That’s it! You now have a report about your landing pages, including how many entrances there were on those pages, how engaged your users were, and whether or not they completed a purchase.
How to Use the Landing Pages Report
Alright, so now you know what data is in the landing pages report. The big question, though, is this: What actionable insights can you take from it? How do you use it to make your website or marketing campaigns better?
Let’s go over a few examples.
Low Engagement Rate
When you’re looking at your list of landing pages, are there a couple that have a lower engagement rate? That means that those pages maybe aren’t as engaging as the others, or users are leaving without viewing any other pages.
Ideally, you want your landing pages to pull users further into your website or have them take some sort of action, like filling out a form or clicking a button. If a high number of them are leaving without visiting another page or taking an action, you might be able to improve that page to draw them in further.
For instance, let’s say you have a blog post that people are clicking on to read, but then leaving your site right away. To make it better, you could:
- Add more links throughout your content to other relevant content on your site
- Put a more visible call to action button near the top of the page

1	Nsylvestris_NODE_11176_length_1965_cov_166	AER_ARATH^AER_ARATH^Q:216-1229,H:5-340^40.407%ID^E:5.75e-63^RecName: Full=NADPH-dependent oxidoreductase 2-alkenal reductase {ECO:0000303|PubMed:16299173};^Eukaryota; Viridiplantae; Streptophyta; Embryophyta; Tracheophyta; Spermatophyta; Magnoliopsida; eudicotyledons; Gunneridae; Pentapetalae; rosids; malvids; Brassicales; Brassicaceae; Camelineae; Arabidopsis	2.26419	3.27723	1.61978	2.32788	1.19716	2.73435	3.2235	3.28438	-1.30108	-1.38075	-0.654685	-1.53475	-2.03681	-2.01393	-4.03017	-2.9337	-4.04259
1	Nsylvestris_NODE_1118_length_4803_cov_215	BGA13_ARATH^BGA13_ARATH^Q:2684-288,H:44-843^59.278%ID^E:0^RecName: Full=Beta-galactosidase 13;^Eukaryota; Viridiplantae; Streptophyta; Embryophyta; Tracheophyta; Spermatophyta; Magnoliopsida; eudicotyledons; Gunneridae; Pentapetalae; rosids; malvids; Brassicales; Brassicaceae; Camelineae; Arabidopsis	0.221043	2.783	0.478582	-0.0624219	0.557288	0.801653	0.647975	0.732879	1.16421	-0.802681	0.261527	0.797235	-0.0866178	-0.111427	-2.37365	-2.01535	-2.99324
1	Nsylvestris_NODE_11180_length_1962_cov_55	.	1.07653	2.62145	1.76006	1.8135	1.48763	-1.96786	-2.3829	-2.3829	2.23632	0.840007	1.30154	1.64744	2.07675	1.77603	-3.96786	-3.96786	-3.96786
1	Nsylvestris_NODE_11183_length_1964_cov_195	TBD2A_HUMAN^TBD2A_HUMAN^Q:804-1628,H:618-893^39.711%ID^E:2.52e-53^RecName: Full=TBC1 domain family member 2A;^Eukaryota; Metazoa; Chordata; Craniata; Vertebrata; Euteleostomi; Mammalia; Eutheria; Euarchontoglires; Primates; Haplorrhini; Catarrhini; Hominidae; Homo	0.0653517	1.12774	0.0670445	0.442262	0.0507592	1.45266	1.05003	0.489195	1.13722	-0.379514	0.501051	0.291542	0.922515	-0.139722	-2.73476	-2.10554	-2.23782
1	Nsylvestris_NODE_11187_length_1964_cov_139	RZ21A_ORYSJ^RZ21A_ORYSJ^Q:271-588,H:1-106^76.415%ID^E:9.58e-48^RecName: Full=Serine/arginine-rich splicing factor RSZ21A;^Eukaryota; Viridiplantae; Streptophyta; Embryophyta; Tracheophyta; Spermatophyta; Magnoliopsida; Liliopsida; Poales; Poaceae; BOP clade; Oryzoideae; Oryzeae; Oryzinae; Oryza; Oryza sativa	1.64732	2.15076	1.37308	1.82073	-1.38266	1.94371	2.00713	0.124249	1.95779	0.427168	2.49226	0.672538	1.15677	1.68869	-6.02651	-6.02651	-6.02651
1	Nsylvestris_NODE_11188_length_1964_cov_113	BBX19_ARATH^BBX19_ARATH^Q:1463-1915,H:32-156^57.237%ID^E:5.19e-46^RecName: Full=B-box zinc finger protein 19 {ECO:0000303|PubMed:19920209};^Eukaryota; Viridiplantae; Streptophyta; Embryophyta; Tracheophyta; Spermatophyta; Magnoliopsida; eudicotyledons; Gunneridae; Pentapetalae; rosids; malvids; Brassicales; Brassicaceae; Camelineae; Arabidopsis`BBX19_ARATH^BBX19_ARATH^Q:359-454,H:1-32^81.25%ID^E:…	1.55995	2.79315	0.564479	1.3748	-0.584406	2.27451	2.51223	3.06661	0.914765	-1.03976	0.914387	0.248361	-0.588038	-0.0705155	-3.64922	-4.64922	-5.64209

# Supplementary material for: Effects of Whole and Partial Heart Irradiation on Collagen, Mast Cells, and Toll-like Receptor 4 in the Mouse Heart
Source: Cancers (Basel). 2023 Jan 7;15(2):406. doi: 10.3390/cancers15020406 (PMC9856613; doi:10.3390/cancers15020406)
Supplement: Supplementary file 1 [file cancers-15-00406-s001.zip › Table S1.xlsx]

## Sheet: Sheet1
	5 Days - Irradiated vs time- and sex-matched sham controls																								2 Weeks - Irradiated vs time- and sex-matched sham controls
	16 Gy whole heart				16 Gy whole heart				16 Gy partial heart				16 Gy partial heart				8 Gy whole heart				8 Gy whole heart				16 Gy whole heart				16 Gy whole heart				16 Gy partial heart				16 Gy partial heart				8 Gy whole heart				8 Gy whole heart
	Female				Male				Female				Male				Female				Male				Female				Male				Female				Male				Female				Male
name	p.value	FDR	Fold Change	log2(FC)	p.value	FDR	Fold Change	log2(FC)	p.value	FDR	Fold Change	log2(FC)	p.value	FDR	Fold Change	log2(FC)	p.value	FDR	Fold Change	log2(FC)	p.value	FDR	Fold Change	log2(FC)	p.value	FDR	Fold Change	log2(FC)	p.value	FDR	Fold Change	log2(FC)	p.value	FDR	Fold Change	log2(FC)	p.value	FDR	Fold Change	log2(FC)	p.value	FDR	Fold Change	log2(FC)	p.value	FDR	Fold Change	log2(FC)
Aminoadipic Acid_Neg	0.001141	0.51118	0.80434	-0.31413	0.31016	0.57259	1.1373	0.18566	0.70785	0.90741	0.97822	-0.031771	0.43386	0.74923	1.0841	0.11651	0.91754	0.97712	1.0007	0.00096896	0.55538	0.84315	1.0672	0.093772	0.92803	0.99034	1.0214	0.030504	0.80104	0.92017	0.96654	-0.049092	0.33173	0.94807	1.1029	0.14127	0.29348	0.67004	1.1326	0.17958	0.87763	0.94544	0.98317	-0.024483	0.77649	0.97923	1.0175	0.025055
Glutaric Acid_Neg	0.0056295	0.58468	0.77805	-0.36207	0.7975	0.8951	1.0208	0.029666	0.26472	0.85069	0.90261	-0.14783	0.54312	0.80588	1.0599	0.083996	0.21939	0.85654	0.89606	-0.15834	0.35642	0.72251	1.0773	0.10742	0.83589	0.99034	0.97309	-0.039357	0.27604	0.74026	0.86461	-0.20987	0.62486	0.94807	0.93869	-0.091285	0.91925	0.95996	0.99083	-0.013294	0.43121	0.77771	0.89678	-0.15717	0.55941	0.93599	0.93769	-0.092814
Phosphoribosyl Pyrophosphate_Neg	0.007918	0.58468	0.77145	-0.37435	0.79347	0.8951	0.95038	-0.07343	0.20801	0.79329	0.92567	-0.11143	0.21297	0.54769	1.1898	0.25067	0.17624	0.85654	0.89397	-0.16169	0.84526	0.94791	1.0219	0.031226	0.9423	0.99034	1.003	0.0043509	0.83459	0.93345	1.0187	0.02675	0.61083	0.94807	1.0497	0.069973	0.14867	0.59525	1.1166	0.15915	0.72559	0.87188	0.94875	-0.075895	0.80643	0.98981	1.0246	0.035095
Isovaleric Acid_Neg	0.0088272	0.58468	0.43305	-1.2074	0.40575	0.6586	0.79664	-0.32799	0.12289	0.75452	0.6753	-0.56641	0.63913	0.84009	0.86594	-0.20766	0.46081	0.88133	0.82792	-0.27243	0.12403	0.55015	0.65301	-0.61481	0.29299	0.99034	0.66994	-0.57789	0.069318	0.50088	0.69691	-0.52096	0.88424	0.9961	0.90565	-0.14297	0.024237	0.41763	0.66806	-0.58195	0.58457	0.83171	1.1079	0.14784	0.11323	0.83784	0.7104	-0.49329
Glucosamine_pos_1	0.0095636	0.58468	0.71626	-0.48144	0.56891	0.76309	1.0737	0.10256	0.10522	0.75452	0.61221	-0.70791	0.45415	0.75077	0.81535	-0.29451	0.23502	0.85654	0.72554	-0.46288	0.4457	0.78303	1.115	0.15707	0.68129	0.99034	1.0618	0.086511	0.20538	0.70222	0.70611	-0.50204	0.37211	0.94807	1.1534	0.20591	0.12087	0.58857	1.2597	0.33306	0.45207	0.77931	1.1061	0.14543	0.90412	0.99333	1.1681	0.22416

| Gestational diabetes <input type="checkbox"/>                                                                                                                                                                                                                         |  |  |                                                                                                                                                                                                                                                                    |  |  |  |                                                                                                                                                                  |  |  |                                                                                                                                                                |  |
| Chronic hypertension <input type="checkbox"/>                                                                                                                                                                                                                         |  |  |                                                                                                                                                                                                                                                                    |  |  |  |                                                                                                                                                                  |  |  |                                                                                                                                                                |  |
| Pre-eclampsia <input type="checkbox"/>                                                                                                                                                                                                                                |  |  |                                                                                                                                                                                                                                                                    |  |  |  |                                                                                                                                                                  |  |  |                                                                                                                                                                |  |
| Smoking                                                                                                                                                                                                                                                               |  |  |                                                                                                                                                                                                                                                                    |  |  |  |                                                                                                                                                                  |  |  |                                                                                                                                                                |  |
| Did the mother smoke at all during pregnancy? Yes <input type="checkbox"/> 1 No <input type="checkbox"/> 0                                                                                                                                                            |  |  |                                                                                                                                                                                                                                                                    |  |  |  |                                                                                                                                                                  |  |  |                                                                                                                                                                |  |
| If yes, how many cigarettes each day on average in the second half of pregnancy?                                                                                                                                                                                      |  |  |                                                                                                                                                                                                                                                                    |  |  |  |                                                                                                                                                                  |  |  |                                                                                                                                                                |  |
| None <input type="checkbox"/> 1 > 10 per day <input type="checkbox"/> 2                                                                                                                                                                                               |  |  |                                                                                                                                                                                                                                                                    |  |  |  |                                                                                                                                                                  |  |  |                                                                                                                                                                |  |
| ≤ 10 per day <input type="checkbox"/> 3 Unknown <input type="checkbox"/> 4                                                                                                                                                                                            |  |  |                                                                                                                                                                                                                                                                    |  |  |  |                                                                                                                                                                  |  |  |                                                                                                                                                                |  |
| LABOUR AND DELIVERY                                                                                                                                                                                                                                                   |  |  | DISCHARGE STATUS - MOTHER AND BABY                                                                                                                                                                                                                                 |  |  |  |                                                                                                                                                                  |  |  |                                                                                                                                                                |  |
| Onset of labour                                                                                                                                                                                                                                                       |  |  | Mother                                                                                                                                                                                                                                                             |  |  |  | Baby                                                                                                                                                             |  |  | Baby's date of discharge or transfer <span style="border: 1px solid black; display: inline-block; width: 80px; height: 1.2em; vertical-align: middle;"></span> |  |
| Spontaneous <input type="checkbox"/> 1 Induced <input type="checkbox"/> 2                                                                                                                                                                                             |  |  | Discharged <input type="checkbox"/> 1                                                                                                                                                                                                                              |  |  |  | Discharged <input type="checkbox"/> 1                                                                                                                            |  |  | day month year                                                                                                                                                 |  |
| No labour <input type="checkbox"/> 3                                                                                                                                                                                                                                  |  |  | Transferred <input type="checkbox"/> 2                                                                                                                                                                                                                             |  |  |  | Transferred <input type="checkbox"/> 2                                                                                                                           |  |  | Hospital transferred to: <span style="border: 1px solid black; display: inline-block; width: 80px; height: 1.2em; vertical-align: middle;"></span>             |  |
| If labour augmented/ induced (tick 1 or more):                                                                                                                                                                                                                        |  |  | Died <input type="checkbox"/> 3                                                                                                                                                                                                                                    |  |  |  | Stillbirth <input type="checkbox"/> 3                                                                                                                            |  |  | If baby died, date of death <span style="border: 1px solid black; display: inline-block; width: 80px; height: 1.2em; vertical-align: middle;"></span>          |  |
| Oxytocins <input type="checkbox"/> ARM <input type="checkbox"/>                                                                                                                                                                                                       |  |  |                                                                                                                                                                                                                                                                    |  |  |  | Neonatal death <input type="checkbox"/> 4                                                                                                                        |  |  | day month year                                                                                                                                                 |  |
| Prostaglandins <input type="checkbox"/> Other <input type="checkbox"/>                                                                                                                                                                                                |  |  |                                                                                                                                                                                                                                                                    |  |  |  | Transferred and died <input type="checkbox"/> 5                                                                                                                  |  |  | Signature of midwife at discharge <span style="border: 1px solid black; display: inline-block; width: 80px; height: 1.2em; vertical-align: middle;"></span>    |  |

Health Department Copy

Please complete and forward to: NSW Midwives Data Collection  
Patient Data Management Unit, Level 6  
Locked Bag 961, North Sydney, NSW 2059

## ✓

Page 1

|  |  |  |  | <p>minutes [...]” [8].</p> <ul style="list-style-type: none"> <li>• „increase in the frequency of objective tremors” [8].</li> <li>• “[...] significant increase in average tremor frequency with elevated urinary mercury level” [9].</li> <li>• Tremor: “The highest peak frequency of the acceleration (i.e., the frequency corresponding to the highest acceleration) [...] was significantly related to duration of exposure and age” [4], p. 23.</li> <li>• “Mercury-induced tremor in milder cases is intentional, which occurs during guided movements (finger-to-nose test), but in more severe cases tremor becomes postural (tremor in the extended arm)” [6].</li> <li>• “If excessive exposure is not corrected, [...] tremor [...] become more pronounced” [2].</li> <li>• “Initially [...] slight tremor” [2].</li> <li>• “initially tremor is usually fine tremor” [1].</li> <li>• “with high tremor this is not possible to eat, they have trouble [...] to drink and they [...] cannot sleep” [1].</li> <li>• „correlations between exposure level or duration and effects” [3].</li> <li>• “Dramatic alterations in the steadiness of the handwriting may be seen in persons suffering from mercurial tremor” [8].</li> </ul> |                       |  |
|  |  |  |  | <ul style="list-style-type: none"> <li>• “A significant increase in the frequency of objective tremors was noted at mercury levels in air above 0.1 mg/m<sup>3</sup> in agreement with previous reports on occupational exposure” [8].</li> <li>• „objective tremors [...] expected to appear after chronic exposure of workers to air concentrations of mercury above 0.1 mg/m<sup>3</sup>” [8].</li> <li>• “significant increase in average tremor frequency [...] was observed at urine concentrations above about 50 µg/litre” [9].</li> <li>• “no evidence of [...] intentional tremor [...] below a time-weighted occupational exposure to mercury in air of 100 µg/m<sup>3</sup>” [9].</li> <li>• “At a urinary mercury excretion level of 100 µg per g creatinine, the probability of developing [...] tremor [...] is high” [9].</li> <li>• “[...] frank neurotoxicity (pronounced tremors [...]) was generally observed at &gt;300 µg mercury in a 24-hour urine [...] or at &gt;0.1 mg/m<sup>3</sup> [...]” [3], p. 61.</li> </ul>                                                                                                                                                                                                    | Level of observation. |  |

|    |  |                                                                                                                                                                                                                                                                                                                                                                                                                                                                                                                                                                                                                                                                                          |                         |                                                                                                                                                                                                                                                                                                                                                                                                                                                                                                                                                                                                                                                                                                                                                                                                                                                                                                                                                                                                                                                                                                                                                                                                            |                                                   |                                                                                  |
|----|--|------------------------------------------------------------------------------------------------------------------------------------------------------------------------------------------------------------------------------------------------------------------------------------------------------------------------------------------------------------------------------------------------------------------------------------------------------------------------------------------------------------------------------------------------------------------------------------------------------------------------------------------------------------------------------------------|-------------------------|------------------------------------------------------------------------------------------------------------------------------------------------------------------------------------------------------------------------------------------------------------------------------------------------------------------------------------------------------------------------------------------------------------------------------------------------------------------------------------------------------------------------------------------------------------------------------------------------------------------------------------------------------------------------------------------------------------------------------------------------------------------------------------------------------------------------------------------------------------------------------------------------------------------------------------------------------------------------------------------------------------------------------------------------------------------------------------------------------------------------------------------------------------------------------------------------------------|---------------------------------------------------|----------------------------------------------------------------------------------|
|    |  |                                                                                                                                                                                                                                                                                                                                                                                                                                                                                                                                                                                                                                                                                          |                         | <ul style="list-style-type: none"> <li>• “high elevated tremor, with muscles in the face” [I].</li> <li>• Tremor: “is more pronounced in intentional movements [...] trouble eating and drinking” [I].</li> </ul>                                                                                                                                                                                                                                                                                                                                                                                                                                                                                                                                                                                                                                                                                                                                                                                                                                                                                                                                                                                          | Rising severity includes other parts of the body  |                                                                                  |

- Add an enticing offer somewhere in your content
- Use a popup or banner to ask visitors to subscribe
Is there a page that you thought would be further up toward the top of your landing page report, but it’s not there?
Maybe you wrote a piece of really good content, or there’s a lot of buzz around something right now that you’ve written about, and you think that page should be getting more landing page sessions.
To get more visits to that page, you could:
- Share it on social media
- Send it out in an email
- Build links to it from other content on your site
- Build links to it from other websites
- Promote it in an ad campaign
High Average Engagement Time per Session
If you have a couple landing pages that are resulting in high average engagement time, you can use those pages to inspire some growth-minded decisions.
For instance, let’s say you have one particular blog post that’s bringing in visitors who are spending quite a while on your site. What is it about the post that’s bringing in engaged users? What’s working here?
Use the post that’s doing well to:
- Brainstorm new content ideas that are related
- Think about offers or links to other content you could promote in it
- Dig into what worked in your marketing strategy. Can you replicate it?
An Easy Way to See Landing Pages in WordPress
If your website is built with WordPress, the easiest way for you to keep tabs on your landing pages is with MonsterInsights.
MonsterInsights is the best Google Analytics plugin for WordPress. It allows you to easily connect your WordPress site with Google Analytics, so you can view all the data that matters most right in your WordPress dashboard.
Plus, with the click of a button, you can set up sophisticated tracking features such as event tracking, eCommerce tracking, form tracking, custom dimension tracking, outbound link tracking, and more.
With MonsterInsights, your landing pages report is always available at the click of a button, without having to open Google Analytics.
We hope you found some great tips in this guide to Google Analytics landing pages. For more on the reports you get when you’re a MonsterInsights user, read Your Ultimate Guide to MonsterInsights Dashboard Reports.
Not using MonsterInsights yet? What are you waiting for?